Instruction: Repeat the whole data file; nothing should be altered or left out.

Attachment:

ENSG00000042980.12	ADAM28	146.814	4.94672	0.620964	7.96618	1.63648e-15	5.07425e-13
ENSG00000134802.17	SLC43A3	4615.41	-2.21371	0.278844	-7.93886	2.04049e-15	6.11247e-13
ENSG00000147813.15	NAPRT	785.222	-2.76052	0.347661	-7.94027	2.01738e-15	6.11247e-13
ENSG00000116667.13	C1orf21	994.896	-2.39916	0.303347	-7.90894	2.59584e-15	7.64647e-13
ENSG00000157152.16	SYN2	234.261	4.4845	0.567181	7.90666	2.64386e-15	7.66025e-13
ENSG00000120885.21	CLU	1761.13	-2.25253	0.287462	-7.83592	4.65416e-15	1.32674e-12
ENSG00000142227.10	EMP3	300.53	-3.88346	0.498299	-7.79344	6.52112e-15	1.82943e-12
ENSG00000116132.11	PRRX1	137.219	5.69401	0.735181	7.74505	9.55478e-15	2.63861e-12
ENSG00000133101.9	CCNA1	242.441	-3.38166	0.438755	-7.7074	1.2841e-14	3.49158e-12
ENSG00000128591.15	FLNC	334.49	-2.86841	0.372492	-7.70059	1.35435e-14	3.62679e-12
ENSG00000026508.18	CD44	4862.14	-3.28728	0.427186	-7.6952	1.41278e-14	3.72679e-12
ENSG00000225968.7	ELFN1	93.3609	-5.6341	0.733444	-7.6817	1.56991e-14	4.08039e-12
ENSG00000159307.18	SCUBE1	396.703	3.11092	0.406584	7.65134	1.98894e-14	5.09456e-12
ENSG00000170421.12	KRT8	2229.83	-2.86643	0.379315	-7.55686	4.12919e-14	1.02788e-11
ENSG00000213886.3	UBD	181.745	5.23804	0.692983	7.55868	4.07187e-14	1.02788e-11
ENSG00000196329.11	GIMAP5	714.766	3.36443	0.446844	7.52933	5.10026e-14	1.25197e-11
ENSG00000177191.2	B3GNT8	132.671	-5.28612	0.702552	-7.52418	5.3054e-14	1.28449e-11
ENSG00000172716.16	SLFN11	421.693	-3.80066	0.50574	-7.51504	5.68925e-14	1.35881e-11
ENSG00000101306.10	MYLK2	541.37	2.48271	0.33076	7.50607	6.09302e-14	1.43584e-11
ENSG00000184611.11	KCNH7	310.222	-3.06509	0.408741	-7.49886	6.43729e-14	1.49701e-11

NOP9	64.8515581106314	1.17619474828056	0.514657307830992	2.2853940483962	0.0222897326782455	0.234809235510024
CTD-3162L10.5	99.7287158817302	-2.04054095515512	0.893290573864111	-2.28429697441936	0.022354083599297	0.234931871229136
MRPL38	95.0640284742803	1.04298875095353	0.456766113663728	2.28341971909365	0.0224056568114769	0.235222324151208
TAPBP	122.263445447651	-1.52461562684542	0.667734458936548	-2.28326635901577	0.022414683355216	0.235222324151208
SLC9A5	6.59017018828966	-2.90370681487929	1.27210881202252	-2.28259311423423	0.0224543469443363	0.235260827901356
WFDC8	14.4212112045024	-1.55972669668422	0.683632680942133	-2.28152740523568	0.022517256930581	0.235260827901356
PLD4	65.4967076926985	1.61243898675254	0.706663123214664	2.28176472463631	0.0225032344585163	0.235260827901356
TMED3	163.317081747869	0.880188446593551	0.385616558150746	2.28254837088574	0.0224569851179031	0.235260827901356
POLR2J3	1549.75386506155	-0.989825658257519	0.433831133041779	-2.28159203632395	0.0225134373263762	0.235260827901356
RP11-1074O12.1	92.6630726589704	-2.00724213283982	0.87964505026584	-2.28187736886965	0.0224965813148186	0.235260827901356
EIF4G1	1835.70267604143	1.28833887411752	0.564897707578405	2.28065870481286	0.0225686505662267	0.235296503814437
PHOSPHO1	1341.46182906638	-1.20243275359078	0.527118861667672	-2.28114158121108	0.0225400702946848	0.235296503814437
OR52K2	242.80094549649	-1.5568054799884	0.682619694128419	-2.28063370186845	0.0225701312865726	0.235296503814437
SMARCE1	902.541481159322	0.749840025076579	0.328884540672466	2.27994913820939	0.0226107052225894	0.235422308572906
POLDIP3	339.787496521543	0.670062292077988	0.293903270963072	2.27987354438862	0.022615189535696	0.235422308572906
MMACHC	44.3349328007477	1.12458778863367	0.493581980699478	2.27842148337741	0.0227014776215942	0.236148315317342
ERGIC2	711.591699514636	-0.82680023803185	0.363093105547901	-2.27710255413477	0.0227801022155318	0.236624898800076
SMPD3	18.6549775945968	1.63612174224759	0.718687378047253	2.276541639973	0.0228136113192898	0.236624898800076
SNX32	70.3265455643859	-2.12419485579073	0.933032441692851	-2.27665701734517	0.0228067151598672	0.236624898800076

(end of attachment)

ENSG00000042980.12	ADAM28	146.814	4.94672	0.620964	7.96618	1.63648e-15	5.07425e-13
ENSG00000134802.17	SLC43A3	4615.41	-2.21371	0.278844	-7.93886	2.04049e-15	6.11247e-13
ENSG00000147813.15	NAPRT	785.222	-2.76052	0.347661	-7.94027	2.01738e-15	6.11247e-13
ENSG00000116667.13	C1orf21	994.896	-2.39916	0.303347	-7.90894	2.59584e-15	7.64647e-13
ENSG00000157152.16	SYN2	234.261	4.4845	0.567181	7.90666	2.64386e-15	7.66025e-13
ENSG00000120885.21	CLU	1761.13	-2.25253	0.287462	-7.83592	4.65416e-15	1.32674e-12
ENSG00000142227.10	EMP3	300.53	-3.88346	0.498299	-7.79344	6.52112e-15	1.82943e-12
ENSG00000116132.11	PRRX1	137.219	5.69401	0.735181	7.74505	9.55478e-15	2.63861e-12
ENSG00000133101.9	CCNA1	242.441	-3.38166	0.438755	-7.7074	1.2841e-14	3.49158e-12
ENSG00000128591.15	FLNC	334.49	-2.86841	0.372492	-7.70059	1.35435e-14	3.62679e-12
ENSG00000026508.18	CD44	4862.14	-3.28728	0.427186	-7.6952	1.41278e-14	3.72679e-12
ENSG00000225968.7	ELFN1	93.3609	-5.6341	0.733444	-7.6817	1.56991e-14	4.08039e-12
ENSG00000159307.18	SCUBE1	396.703	3.11092	0.406584	7.65134	1.98894e-14	5.09456e-12
ENSG00000170421.12	KRT8	2229.83	-2.86643	0.379315	-7.55686	4.12919e-14	1.02788e-11
ENSG00000213886.3	UBD	181.745	5.23804	0.692983	7.55868	4.07187e-14	1.02788e-11
ENSG00000196329.11	GIMAP5	714.766	3.36443	0.446844	7.52933	5.10026e-14	1.25197e-11
ENSG00000177191.2	B3GNT8	132.671	-5.28612	0.702552	-7.52418	5.3054e-14	1.28449e-11
ENSG00000172716.16	SLFN11	421.693	-3.80066	0.50574	-7.51504	5.68925e-14	1.35881e-11
ENSG00000101306.10	MYLK2	541.37	2.48271	0.33076	7.50607	6.09302e-14	1.43584e-11
ENSG00000184611.11	KCNH7	310.222	-3.06509	0.408741	-7.49886	6.43729e-14	1.49701e-11

NOP9	64.8515581106314	1.17619474828056	0.514657307830992	2.2853940483962	0.0222897326782455	0.234809235510024
CTD-3162L10.5	99.7287158817302	-2.04054095515512	0.893290573864111	-2.28429697441936	0.022354083599297	0.234931871229136
MRPL38	95.0640284742803	1.04298875095353	0.456766113663728	2.28341971909365	0.0224056568114769	0.235222324151208
TAPBP	122.263445447651	-1.52461562684542	0.667734458936548	-2.28326635901577	0.022414683355216	0.235222324151208
SLC9A5	6.59017018828966	-2.90370681487929	1.27210881202252	-2.28259311423423	0.0224543469443363	0.235260827901356
WFDC8	14.4212112045024	-1.55972669668422	0.683632680942133	-2.28152740523568	0.022517256930581	0.235260827901356
PLD4	65.4967076926985	1.61243898675254	0.706663123214664	2.28176472463631	0.0225032344585163	0.235260827901356
TMED3	163.317081747869	0.880188446593551	0.385616558150746	2.28254837088574	0.0224569851179031	0.235260827901356
POLR2J3	1549.75386506155	-0.989825658257519	0.433831133041779	-2.28159203632395	0.0225134373263762	0.235260827901356
RP11-1074O12.1	92.6630726589704	-2.00724213283982	0.87964505026584	-2.28187736886965	0.0224965813148186	0.235260827901356
EIF4G1	1835.70267604143	1.28833887411752	0.564897707578405	2.28065870481286	0.0225686505662267	0.235296503814437
PHOSPHO1	1341.46182906638	-1.20243275359078	0.527118861667672	-2.28114158121108	0.0225400702946848	0.235296503814437
OR52K2	242.80094549649	-1.5568054799884	0.682619694128419	-2.28063370186845	0.0225701312865726	0.235296503814437
SMARCE1	902.541481159322	0.749840025076579	0.328884540672466	2.27994913820939	0.0226107052225894	0.235422308572906
POLDIP3	339.787496521543	0.670062292077988	0.293903270963072	2.27987354438862	0.022615189535696	0.235422308572906
MMACHC	44.3349328007477	1.12458778863367	0.493581980699478	2.27842148337741	0.0227014776215942	0.236148315317342
ERGIC2	711.591699514636	-0.82680023803185	0.363093105547901	-2.27710255413477	0.0227801022155318	0.236624898800076
SMPD3	18.6549775945968	1.63612174224759	0.718687378047253	2.276541639973	0.0228136113192898	0.236624898800076
SNX32	70.3265455643859	-2.12419485579073	0.933032441692851	-2.27665701734517	0.0228067151598672	0.236624898800076